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This research was made possible in part through the Arlen Specter Center for Public Service Research Fellowship at Thomas Jefferson University and the assistance of the Clery Center.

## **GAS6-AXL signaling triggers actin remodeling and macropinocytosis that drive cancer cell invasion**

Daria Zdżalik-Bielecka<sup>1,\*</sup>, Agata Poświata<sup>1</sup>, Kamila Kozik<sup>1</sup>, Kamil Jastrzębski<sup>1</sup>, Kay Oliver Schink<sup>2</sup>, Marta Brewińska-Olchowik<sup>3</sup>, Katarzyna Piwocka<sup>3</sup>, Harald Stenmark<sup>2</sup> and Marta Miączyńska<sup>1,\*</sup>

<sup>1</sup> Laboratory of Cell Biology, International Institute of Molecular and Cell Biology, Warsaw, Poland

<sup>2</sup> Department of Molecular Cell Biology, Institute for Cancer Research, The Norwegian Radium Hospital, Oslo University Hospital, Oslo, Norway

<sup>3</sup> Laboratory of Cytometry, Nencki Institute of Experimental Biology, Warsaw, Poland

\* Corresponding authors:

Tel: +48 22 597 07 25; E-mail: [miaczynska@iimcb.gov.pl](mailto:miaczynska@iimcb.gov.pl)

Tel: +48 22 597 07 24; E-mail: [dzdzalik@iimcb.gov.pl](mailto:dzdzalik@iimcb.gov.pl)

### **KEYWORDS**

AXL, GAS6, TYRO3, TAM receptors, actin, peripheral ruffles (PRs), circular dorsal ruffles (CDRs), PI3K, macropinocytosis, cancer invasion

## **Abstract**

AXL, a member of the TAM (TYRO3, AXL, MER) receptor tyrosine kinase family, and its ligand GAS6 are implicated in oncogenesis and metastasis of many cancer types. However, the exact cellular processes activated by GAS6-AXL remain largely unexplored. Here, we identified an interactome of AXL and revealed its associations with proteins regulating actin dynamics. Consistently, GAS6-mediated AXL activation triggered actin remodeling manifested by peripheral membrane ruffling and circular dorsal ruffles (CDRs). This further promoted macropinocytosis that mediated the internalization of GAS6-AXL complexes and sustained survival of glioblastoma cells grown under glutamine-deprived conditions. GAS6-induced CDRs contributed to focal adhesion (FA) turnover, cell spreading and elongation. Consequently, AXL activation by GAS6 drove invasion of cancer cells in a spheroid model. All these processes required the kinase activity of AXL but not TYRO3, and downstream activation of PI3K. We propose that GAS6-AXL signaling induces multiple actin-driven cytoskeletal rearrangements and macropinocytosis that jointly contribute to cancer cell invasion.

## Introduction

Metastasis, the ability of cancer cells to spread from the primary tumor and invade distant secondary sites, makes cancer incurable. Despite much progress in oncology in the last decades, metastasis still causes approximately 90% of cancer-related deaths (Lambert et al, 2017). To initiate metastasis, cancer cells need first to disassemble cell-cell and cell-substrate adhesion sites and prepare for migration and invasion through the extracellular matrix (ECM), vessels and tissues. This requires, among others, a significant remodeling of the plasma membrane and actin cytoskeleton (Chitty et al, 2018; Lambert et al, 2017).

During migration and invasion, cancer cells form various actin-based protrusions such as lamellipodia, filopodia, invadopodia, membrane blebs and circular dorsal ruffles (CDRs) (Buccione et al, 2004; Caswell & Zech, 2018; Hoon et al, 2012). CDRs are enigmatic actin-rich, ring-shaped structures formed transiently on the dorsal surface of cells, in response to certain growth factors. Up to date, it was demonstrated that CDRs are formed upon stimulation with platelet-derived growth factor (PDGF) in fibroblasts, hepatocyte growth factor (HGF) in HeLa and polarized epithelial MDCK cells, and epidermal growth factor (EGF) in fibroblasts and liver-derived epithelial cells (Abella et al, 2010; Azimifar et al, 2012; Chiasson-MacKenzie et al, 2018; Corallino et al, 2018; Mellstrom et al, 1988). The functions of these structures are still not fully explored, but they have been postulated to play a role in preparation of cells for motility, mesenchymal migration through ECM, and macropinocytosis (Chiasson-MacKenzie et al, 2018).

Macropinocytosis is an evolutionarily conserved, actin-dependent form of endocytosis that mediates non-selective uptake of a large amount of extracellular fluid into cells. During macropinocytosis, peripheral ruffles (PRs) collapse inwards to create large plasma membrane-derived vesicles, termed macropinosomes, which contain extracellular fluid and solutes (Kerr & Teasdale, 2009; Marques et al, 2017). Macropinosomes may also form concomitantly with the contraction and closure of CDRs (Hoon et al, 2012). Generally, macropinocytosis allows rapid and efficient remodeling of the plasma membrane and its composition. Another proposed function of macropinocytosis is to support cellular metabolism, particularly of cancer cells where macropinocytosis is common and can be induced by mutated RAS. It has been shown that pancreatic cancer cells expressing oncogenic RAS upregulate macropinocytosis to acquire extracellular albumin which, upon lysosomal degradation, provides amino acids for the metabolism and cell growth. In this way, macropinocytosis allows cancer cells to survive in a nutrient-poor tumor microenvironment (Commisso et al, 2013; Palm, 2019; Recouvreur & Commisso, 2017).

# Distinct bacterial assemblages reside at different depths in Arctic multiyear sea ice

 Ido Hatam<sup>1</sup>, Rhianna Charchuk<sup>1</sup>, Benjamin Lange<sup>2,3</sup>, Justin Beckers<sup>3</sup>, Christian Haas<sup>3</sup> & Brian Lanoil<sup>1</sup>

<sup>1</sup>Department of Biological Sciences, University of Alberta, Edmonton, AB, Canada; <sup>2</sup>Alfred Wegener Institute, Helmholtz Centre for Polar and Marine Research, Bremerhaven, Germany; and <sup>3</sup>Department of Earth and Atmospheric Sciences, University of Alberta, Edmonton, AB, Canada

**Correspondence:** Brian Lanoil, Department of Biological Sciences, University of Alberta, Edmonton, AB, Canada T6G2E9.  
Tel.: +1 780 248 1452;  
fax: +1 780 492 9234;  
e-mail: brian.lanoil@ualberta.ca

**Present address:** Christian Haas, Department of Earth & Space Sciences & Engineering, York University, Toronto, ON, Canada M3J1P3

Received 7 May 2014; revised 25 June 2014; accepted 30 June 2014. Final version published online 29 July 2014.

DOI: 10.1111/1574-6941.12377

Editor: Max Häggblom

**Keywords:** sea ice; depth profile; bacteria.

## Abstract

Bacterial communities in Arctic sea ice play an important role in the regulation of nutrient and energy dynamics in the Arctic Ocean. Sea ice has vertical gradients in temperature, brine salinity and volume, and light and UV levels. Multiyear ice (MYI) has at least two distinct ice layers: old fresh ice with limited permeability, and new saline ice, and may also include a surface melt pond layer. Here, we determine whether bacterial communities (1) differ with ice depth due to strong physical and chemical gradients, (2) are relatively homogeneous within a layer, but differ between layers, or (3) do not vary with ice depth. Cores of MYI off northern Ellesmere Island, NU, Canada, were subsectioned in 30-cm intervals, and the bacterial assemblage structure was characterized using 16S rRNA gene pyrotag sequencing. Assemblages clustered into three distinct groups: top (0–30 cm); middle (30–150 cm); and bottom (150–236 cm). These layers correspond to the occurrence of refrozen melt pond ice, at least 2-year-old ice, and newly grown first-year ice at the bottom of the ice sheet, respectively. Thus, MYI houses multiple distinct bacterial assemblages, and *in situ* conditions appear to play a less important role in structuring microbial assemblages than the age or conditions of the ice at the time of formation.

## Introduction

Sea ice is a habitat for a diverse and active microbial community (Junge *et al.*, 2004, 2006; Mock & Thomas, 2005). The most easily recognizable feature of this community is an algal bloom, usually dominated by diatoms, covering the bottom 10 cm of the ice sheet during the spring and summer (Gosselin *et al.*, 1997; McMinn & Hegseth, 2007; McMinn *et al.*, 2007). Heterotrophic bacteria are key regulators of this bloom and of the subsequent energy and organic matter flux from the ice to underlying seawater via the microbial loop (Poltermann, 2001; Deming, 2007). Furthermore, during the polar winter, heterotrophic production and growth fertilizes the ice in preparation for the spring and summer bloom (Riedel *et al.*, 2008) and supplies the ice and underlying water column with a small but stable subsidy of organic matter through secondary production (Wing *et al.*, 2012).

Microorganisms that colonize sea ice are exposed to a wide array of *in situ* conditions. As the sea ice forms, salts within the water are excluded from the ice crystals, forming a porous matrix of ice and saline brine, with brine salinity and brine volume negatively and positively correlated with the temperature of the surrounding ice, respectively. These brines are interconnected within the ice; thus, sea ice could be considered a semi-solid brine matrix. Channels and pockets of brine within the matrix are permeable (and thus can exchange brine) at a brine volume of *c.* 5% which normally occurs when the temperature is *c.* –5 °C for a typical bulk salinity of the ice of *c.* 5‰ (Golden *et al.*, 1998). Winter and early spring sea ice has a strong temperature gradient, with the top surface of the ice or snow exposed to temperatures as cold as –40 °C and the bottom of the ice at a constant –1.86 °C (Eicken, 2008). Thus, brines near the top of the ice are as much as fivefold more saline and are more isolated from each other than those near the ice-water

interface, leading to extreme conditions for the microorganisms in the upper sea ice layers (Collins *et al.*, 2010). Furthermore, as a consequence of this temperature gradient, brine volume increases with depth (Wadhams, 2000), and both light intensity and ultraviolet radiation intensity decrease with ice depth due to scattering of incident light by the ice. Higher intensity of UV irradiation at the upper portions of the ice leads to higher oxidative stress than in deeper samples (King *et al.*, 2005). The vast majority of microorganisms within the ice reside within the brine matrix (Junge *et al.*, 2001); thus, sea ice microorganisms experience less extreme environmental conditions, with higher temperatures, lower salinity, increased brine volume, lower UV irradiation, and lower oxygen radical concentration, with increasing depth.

The Clery Act (20 U.S.C. § 1092(f)) was passed following the rape and murder of Jeanne Clery in 1986 at Lehigh University. The intent of the law was to improve campus safety by making information about crime as well as safety and security policies more accessible to students, parents, employees, and others. This study explored the efficacy of the emergency notification and timely warnings provisions of the law. The study found these messages to be useful in promoting campus safety, particularly by informing people about safety issues and impacting people’s behavior related to self-protection. However, safety related behavior changes are perceived to be short-term rather than long-term. Problems were also reported in relation to timeliness of messages, message content and the unintended impacts or consequences that messages can have. Unintended impacts or consequences include the potential for messages to lead to perceptions that a campus is an unsafe campus environment when in fact risks are small; to reinforce racial stereotypes; to be perceived as victim blaming, or revealing information that causes victims who report crime to be outed; or trigger psychological complications. The potential for these issues to cause a “chilling effect” or impede law enforcement efforts were also reported.